It is my understanding that Pope Francis “walked the talk” as a Priest and Bishop in his native Argentina.

Dad. A Family Memory

Prenote: My Dad died 20 years ago today. I had been planning to write a little piece about him for some weeks, and in fact had been at the place where he died, Our Lady of the Snows, Belleville IL, on October 22-23.

I digress for a moment: We were tiny town folks, and church was central to our lives, so my thoughts are occupied now with the folks of Sutherland Springs TX, where 26 people were killed inside the community church at Sunday service. Who will stop this insanity?

I think back to that chapel at Our Lady of the Snows, where I attended Mass Oct 23, as Dad would have. To my family: “I went to 7:30 Mass on Monday morning. There were about 30 of us.” There have been lots of wake up calls to deal with the crisis of guns in America. Sutherland Springs should be at the very top of our list: it can happen anywhere, to anyone….

(click to enlarge photos)

Chapel at Our Lady of the Snows Oct 23, 2017



My Dad was like most of us. He had a good run, of almost 90 years. He contributed more than he took. He earned compliments and (I’m sure) criticism. Those who knew Dad can fill in their own blanks.

He lived ten years at Our Lady of the Snows, on the bluff just east of St. Louis in Belleville IL, from age 79 till his death. To prepare for his upcoming 80th birthday (Dec 22, 1987), he walked 80 consecutive daily 15 minute miles. My sister, Flo, and I were there for the “birthday walk”. It took him 13 minutes…

Henry Bernard about to begin his 80th 15 minute mile December 22, 1987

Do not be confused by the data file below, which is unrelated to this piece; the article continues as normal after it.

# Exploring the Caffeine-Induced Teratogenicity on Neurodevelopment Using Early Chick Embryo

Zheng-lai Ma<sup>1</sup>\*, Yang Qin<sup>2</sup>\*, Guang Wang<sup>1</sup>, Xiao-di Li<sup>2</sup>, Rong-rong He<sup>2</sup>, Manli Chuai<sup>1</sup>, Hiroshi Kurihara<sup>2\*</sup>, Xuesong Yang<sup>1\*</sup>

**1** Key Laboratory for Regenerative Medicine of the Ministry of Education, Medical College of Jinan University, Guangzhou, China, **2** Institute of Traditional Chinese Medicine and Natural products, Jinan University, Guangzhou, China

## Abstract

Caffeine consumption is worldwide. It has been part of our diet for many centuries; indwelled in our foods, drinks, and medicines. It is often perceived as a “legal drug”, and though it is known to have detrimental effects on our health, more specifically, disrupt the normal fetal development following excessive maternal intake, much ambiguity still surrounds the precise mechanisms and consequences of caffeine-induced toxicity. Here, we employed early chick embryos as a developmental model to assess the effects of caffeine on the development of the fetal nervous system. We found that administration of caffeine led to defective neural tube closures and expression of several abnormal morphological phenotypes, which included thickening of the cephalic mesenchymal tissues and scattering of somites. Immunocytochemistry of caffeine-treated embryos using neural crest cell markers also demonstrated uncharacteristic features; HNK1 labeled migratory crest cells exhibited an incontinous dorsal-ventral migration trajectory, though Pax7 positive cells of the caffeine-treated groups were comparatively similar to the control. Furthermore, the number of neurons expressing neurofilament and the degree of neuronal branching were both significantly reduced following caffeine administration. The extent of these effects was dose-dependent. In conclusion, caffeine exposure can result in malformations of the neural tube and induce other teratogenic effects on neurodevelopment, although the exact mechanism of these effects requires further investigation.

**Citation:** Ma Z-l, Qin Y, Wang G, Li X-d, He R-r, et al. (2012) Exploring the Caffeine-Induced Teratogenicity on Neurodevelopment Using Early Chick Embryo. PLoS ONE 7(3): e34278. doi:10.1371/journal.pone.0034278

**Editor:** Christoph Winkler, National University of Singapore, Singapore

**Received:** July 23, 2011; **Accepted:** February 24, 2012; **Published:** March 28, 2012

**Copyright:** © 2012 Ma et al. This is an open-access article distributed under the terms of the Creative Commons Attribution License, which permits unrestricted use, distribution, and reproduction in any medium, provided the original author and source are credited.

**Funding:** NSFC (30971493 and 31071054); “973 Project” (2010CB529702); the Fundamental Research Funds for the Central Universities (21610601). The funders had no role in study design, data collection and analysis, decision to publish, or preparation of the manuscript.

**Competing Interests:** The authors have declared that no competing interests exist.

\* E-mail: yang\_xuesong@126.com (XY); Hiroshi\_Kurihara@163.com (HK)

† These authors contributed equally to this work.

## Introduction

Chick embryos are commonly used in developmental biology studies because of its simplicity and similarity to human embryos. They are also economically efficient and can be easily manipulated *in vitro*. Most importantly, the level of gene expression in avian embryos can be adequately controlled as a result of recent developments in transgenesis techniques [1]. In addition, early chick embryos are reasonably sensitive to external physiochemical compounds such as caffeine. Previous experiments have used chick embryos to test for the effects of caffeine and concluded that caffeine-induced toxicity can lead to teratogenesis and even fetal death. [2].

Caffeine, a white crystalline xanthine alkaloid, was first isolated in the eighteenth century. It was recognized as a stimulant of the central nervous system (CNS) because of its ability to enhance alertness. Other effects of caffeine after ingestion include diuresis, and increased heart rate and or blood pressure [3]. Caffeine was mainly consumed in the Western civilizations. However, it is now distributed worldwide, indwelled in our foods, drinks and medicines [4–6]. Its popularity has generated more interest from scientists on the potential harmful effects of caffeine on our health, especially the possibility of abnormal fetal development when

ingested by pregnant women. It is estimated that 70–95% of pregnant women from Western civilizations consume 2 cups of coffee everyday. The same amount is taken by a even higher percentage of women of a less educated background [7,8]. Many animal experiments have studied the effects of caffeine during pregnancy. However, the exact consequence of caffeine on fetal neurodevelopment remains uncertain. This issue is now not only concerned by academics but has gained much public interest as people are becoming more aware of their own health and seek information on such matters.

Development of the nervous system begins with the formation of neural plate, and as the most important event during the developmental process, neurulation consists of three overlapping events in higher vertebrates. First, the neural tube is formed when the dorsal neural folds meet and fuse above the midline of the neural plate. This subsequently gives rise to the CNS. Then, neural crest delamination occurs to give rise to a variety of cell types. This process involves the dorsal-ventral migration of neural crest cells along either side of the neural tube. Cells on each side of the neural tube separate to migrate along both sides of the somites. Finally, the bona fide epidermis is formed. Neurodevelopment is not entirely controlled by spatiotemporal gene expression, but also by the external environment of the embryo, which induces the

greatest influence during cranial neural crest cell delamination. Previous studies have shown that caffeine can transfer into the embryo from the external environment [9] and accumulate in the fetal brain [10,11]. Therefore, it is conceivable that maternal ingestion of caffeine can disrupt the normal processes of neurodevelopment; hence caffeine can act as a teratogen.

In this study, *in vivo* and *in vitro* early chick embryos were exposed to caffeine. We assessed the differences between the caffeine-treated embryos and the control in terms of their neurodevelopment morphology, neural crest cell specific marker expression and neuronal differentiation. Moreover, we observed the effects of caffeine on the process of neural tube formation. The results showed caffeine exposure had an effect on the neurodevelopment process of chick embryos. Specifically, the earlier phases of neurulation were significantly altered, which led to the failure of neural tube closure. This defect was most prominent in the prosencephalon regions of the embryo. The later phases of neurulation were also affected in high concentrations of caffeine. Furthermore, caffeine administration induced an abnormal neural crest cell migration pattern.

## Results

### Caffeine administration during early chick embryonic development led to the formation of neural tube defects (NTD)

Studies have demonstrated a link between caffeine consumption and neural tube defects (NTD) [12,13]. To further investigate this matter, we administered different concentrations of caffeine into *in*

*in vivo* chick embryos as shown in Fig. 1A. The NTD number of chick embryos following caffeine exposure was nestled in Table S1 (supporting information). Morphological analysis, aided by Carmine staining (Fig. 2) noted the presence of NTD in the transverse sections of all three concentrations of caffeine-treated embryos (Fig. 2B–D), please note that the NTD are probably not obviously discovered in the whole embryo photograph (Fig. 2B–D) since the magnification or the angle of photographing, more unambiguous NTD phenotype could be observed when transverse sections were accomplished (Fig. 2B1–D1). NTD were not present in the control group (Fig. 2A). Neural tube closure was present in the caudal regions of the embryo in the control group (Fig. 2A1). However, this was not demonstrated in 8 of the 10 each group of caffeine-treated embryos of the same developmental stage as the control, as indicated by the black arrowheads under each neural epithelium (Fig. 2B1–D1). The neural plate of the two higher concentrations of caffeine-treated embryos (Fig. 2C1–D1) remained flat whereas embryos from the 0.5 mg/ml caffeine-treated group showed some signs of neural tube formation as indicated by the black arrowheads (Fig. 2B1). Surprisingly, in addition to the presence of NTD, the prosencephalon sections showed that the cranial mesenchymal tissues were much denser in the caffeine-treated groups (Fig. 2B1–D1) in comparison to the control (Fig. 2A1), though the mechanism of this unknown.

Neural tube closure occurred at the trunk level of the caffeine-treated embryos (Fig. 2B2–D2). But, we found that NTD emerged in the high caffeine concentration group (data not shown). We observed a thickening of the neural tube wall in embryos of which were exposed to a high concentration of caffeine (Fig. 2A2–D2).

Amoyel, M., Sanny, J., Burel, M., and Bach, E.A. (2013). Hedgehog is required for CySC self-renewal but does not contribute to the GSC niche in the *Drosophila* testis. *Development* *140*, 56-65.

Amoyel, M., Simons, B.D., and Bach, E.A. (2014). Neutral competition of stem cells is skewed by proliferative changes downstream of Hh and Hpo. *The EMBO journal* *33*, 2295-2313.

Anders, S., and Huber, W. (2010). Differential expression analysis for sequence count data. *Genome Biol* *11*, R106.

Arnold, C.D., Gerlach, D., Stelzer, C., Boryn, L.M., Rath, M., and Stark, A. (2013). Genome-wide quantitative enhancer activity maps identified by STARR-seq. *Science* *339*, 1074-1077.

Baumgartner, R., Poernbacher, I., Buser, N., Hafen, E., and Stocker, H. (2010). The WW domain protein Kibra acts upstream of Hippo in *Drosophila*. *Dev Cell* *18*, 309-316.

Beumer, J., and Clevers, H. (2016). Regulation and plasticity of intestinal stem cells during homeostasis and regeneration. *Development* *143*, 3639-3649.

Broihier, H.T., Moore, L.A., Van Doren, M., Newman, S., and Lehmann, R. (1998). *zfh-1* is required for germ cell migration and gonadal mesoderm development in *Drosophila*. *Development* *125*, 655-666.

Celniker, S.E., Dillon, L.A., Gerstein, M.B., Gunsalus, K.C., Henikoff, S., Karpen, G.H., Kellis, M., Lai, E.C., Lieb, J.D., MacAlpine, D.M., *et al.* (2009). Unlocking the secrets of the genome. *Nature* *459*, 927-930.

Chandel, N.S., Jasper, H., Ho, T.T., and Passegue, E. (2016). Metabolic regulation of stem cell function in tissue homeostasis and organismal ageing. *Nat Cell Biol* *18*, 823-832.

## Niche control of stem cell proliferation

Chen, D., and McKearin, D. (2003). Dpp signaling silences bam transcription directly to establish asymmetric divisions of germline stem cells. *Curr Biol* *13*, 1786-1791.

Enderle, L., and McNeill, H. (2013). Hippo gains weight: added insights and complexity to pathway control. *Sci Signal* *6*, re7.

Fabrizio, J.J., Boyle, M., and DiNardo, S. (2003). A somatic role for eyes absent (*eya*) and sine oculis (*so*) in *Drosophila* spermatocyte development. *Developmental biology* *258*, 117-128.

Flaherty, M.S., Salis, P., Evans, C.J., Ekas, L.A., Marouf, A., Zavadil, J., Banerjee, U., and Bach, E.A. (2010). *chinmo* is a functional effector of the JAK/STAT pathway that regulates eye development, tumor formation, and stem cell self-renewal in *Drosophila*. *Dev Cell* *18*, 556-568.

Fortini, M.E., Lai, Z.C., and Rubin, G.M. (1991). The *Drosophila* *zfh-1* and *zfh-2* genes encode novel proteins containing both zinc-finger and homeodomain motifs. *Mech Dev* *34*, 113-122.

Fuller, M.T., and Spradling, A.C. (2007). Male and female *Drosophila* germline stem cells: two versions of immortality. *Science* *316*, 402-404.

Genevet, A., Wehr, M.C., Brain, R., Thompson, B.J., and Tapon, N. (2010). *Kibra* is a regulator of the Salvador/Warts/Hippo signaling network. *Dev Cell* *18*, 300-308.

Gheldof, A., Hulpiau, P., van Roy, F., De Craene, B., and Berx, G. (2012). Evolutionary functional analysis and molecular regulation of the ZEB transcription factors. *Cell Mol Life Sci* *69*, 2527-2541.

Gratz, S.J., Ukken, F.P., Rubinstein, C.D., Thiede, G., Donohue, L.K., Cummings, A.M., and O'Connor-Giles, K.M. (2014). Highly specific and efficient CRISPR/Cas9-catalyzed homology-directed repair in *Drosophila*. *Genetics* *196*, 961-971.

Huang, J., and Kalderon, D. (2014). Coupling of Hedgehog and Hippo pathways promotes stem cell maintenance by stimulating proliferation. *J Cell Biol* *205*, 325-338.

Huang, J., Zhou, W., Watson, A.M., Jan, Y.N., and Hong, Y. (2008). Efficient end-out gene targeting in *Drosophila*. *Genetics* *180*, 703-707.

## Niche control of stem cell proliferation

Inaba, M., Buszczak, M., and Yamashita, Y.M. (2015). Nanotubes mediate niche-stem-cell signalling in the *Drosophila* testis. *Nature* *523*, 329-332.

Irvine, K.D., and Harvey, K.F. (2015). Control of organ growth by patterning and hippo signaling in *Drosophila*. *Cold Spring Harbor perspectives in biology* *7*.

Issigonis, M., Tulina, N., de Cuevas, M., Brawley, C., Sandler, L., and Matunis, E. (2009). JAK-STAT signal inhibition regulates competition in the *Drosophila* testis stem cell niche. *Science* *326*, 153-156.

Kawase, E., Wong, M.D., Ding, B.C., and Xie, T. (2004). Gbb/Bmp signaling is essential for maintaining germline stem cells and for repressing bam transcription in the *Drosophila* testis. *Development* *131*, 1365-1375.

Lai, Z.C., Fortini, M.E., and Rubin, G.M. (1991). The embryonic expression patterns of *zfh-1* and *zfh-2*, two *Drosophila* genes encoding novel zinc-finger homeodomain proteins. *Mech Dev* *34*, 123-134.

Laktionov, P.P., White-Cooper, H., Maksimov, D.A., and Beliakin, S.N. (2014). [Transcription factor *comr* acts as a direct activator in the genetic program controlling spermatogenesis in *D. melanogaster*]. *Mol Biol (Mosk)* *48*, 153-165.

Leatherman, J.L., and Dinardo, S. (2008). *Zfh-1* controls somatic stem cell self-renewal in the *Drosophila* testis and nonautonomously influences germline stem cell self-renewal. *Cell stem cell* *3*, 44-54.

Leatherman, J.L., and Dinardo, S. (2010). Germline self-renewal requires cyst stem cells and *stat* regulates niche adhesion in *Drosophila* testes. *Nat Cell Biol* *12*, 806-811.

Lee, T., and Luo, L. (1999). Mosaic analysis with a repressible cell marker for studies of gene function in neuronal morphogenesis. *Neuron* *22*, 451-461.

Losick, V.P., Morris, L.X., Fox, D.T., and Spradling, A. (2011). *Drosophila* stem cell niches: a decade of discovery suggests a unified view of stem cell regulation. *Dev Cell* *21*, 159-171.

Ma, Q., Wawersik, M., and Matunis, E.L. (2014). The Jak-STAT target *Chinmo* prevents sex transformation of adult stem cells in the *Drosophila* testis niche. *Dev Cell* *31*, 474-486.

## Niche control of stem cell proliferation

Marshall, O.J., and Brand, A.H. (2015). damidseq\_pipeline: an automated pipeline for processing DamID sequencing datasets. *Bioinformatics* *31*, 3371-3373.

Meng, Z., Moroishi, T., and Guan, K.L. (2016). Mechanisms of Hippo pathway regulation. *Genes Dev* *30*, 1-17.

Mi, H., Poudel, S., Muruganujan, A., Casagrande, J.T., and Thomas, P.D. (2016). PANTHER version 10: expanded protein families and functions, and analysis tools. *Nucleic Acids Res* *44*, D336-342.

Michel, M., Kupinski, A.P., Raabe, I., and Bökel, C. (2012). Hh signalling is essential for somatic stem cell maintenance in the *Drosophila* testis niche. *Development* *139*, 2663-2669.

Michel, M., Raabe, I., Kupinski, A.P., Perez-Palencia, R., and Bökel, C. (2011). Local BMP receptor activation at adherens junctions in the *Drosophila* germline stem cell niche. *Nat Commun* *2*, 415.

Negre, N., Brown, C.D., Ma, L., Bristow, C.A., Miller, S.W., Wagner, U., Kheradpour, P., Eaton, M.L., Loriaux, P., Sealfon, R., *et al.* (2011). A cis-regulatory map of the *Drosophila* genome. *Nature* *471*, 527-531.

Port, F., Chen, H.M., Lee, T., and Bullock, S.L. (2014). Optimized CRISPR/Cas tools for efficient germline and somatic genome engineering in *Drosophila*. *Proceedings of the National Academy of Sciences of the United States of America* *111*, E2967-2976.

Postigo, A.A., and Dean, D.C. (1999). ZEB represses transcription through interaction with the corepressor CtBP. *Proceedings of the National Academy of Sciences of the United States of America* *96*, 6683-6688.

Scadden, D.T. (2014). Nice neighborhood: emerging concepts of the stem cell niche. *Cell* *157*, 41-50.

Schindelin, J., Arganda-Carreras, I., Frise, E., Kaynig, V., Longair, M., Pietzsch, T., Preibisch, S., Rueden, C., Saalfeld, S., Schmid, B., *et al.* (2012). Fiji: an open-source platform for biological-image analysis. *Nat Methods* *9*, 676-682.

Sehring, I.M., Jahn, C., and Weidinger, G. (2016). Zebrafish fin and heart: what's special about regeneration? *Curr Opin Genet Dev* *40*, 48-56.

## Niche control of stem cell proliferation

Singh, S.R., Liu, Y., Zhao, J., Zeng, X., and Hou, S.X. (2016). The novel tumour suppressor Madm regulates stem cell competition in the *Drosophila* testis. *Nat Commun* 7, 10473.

Nine days after he died I was in Chicago at a conference at O’Hare, and in the Sunday Chicago Tribune I found this column, by Mary Schmich: Schmich My father died001. To this day, whenever I hear that the father of someone I know dies, I send this column on.

It spoke to me.

His kids left a permanent marker in memory of Dad at Our Lady of the Snows Apartment Community on Memorial Day, 1998. Here’s the marker for the flagpole, photo from Oct 23, 2017. (Neither Mom nor Dad have gravestones. They both donated their bodies to schools of medicine for medical research.)

Marker at the flagpole at Our Lady of the Snows Apartment Community, Belleville IL Oct 22, 2017


There are lots of things to remember about my Dad.

Today is election day in many places, including our town. Most certainly, Dad would vote. If he had a partisan preference, he never said it to me. He was interested in political topics. I recall a long term project of his was to read the biographies of all the Presidents of the U.S. I graduated from high school in the 6th year of Dwight Eisehower’s time, so Harry Truman would have been the most recent biography. In 1983 he and I visited the Eisenhower Library in Abilene KS, and on the same trip Lyndon Johnsons Johnson City TX.

His livelihood and job as a school teacher and small town school superintendent depended on “taxpayers”. He would muse about “NRFA” (pronounced nerfa, No Reelection For Anyone), but I highly doubt he ever practiced that philosophy – it was just his expression of disgust at politicians at all levels whose primary interest was to get reelected.


In 1981, his wife, my Mom, died too soon, at 72. He was 73. They lived year round in San Benito TX, 245 miles south of Sutherland Springs. I think he went through a personal crisis in this time…how to go on. A life-saver for him was to go back to teaching, volunteering to teach English as a Second Language across the street at the Berta Cabaza Junior High School.

I recall that when he traveled he often would send postcards to his students back home, reasoning that this may be the only mail they ever received.